In 2012, Texan West Hansen led a paddling expedition down the Amazon River, following it from an icy trickle high in the Peruvian Andes to its wide and rushing terminus at the Atlantic Ocean in Brazil.
Along the way, Hansen dragged his kayak through ice and tumbled through crashing whitewater. He got held at gunpoint five times and sprinted through a narrow channel as construction crews inadvertently blasted pillow-sized rocks from a canyon wall high above him. But the lure of adventure, and the drive to do something no one had done before, kept Hansen—a social worker who lives in Austin—and a rotating cast of team members moving down the snaking, 4,200-mile ribbon of water.
Hansen’s first book, The Amazon from Source to Sea: The Farthest Journey Down the World’s Longest River, chronicles that 111-day journey, which was partially funded by the National Geographic Society.
Hansen’s accomplishment shouldn’t surprise anyone who knows his past accomplishments. He has won the Missouri River 340 race—that’s 340 miles—multiple times, both as a solo paddler and team paddler; and he has completed the Texas Water Safari, a 260-mile paddling race from San Marcos to the Texas coast, 20 times. That exhausting alligator- and hallucination-fraught race toughened him for the steady stream of adventures and mishaps he encountered on the world’s biggest river.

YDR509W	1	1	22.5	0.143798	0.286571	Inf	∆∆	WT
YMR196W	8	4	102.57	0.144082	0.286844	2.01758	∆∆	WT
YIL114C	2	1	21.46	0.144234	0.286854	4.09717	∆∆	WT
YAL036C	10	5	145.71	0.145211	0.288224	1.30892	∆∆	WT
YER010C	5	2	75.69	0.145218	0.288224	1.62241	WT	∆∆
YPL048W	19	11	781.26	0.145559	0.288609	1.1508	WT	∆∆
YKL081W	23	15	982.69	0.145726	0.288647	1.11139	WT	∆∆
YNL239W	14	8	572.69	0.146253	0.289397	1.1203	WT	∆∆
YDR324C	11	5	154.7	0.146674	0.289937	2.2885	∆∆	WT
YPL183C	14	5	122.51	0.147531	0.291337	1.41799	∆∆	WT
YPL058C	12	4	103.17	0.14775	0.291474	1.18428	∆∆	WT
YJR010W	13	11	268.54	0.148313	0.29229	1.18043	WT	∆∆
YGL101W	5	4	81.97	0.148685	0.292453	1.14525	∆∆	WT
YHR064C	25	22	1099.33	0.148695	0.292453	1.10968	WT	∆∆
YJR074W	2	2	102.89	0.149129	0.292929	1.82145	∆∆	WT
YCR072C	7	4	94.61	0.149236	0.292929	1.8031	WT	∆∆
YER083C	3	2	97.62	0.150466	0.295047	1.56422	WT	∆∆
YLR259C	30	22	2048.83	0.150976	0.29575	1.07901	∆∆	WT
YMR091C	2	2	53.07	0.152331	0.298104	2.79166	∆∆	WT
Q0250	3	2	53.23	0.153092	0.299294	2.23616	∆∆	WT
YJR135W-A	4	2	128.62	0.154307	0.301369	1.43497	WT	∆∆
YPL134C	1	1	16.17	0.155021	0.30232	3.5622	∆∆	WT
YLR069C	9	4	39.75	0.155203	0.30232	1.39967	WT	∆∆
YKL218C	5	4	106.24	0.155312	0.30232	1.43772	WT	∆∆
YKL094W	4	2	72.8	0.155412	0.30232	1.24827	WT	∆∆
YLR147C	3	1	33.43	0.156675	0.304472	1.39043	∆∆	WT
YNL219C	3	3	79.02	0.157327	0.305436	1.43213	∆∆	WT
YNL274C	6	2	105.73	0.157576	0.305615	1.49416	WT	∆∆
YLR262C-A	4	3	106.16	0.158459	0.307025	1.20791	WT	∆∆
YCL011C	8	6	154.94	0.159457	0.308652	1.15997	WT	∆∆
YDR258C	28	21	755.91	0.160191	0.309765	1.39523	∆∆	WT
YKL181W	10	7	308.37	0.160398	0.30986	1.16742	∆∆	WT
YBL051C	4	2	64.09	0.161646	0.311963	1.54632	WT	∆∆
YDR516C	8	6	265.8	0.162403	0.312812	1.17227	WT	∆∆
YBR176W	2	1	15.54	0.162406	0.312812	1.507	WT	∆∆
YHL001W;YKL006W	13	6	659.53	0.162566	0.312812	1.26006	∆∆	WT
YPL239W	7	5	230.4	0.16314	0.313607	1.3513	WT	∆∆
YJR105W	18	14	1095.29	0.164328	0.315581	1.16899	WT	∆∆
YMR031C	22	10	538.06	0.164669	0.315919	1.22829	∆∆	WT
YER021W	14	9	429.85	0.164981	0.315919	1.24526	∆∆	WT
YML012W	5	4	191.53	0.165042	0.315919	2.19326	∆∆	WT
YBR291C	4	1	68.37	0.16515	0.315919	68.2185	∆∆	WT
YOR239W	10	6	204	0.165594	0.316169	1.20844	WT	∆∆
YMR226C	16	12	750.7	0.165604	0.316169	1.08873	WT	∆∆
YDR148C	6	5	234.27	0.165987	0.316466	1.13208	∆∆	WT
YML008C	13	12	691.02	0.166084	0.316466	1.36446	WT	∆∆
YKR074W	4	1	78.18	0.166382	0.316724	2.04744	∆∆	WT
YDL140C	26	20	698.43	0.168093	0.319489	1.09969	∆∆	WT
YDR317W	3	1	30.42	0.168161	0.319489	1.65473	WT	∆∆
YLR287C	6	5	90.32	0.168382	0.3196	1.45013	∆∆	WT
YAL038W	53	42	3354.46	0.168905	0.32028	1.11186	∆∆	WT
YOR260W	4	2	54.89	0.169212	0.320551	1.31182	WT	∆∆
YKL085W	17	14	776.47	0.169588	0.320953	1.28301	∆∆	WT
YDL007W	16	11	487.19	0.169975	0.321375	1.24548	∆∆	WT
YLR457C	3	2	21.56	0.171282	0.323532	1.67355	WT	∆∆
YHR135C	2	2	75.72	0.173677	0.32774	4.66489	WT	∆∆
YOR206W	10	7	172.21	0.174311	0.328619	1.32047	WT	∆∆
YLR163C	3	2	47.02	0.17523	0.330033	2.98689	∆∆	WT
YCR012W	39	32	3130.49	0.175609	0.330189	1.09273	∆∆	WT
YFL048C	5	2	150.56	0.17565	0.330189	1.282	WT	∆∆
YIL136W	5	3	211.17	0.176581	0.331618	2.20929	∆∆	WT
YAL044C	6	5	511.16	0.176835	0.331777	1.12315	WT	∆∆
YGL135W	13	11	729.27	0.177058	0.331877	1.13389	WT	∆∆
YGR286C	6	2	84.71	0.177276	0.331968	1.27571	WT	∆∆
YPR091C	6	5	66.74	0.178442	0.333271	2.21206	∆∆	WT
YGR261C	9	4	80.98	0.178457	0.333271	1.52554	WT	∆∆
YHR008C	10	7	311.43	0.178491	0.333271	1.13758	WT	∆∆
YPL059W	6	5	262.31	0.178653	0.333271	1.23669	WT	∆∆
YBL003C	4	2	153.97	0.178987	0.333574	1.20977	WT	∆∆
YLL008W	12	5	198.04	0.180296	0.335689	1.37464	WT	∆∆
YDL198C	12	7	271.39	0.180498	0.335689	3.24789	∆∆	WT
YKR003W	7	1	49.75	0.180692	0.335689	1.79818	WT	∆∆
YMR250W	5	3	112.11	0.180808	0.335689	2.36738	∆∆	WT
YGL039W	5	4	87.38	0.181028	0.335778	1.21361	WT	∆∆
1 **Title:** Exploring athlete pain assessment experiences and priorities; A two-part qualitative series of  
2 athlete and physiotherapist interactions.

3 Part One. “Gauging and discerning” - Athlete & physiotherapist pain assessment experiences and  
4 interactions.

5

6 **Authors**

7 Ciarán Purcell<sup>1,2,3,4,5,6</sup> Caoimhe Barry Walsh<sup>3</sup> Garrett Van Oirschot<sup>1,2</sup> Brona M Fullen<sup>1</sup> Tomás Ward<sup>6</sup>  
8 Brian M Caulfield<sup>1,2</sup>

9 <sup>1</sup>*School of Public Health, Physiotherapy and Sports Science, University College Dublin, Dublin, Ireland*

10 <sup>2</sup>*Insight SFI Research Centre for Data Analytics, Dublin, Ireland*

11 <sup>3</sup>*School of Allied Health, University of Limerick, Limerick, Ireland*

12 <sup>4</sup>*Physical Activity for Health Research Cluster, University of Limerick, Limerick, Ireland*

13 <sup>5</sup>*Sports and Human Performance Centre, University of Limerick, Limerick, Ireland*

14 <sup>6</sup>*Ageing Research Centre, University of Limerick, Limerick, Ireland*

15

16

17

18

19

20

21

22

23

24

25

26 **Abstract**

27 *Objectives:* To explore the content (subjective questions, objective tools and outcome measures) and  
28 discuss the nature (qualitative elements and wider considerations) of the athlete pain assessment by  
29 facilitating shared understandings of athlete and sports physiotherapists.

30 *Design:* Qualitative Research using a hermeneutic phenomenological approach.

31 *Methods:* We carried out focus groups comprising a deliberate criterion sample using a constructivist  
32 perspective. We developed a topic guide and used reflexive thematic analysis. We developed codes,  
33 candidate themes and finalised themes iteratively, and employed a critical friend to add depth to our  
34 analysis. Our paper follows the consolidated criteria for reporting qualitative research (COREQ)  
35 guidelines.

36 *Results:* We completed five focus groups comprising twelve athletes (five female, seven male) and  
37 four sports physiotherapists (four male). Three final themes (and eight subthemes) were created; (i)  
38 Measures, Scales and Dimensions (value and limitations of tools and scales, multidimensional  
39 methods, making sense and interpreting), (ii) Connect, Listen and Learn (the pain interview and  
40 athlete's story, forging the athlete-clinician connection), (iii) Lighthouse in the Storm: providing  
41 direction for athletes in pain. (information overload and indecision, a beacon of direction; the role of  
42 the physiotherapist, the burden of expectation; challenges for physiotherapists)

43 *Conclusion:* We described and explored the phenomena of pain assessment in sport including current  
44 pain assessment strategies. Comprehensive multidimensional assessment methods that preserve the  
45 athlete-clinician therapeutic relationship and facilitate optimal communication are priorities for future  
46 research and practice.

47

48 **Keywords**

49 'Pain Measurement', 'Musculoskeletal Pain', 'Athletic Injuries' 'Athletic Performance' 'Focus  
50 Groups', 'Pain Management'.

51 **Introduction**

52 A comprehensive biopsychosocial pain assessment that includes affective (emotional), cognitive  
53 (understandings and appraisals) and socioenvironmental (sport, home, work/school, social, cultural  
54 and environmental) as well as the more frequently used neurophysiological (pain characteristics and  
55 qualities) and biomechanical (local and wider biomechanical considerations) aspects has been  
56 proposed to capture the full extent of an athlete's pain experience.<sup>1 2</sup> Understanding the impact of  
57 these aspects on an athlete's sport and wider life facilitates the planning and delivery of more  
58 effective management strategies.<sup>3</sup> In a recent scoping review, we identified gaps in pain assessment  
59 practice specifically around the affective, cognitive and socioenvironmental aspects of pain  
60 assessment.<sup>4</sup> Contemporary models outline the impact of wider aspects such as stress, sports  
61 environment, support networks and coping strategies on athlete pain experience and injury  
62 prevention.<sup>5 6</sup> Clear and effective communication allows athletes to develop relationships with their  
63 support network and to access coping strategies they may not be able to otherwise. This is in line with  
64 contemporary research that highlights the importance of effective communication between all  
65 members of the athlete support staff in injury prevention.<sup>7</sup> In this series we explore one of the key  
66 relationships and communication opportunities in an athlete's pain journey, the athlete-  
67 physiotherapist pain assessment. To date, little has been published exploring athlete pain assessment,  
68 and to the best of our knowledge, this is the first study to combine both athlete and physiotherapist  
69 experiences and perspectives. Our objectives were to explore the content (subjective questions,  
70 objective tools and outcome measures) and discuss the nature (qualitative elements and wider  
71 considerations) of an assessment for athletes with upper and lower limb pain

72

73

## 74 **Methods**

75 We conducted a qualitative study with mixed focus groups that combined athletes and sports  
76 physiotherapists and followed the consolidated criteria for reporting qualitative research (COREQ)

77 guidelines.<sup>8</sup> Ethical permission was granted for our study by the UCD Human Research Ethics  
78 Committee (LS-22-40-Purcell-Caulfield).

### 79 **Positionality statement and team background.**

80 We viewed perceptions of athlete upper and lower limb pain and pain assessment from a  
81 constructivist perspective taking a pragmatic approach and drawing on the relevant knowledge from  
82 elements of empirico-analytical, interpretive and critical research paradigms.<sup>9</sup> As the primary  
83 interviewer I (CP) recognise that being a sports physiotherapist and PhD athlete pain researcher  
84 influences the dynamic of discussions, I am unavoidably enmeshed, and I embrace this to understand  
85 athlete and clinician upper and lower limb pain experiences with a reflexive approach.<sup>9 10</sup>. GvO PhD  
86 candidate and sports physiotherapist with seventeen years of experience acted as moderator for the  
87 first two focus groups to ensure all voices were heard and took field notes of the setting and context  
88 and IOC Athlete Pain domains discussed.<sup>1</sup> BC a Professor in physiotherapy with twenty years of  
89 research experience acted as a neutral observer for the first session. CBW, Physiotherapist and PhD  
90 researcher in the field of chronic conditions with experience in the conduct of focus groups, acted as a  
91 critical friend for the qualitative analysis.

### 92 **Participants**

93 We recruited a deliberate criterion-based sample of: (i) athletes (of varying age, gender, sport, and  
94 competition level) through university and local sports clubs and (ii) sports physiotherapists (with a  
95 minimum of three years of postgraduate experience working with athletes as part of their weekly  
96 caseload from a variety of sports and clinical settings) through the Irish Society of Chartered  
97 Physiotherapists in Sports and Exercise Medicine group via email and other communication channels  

Among them? Jungle rot (a skin condition on the feet caused by exposure to moisture and high temperatures), an injured shoulder, a chance encounter with about 20 floating (and unmanned) bales of marijuana, swarming insects, complicated logistics, and bickering teammates. He also met friendly locals, paddled alongside pink dolphins, spotted a sloth swimming in the river, and learned about the culture of the region.
“Regardless of how widely read a book about an expedition becomes, I think it’s important to create a permanent record for historical reasons, and for anybody 50 years from now who might be interested in what happened and what it was like,” Hansen says. “When I do an expedition, I read every book I can find about that region, and I want my book to do that for people who go down the Amazon. All explorers have a different interpretation and perspective of the region through which they travel.”
Hansen, now 57, has since paddled the entirety of the Volga River in Russia, and he’s gearing up for a 2020 attempt to kayak 1,900 frigid miles through the Northwest Passage, a sea route through the Canadian Archipelago between the Pacific and Atlantic oceans. He’ll make that attempt as leader of the Arctic Cowboys, which includes two other Texas-based paddlers, Jeff Wueste and Jimmy Harvey. Hansen is an officer in the Texas branch of the Explorers Club, which counts scuba divers, cavers, astronauts, and archeologists among its members.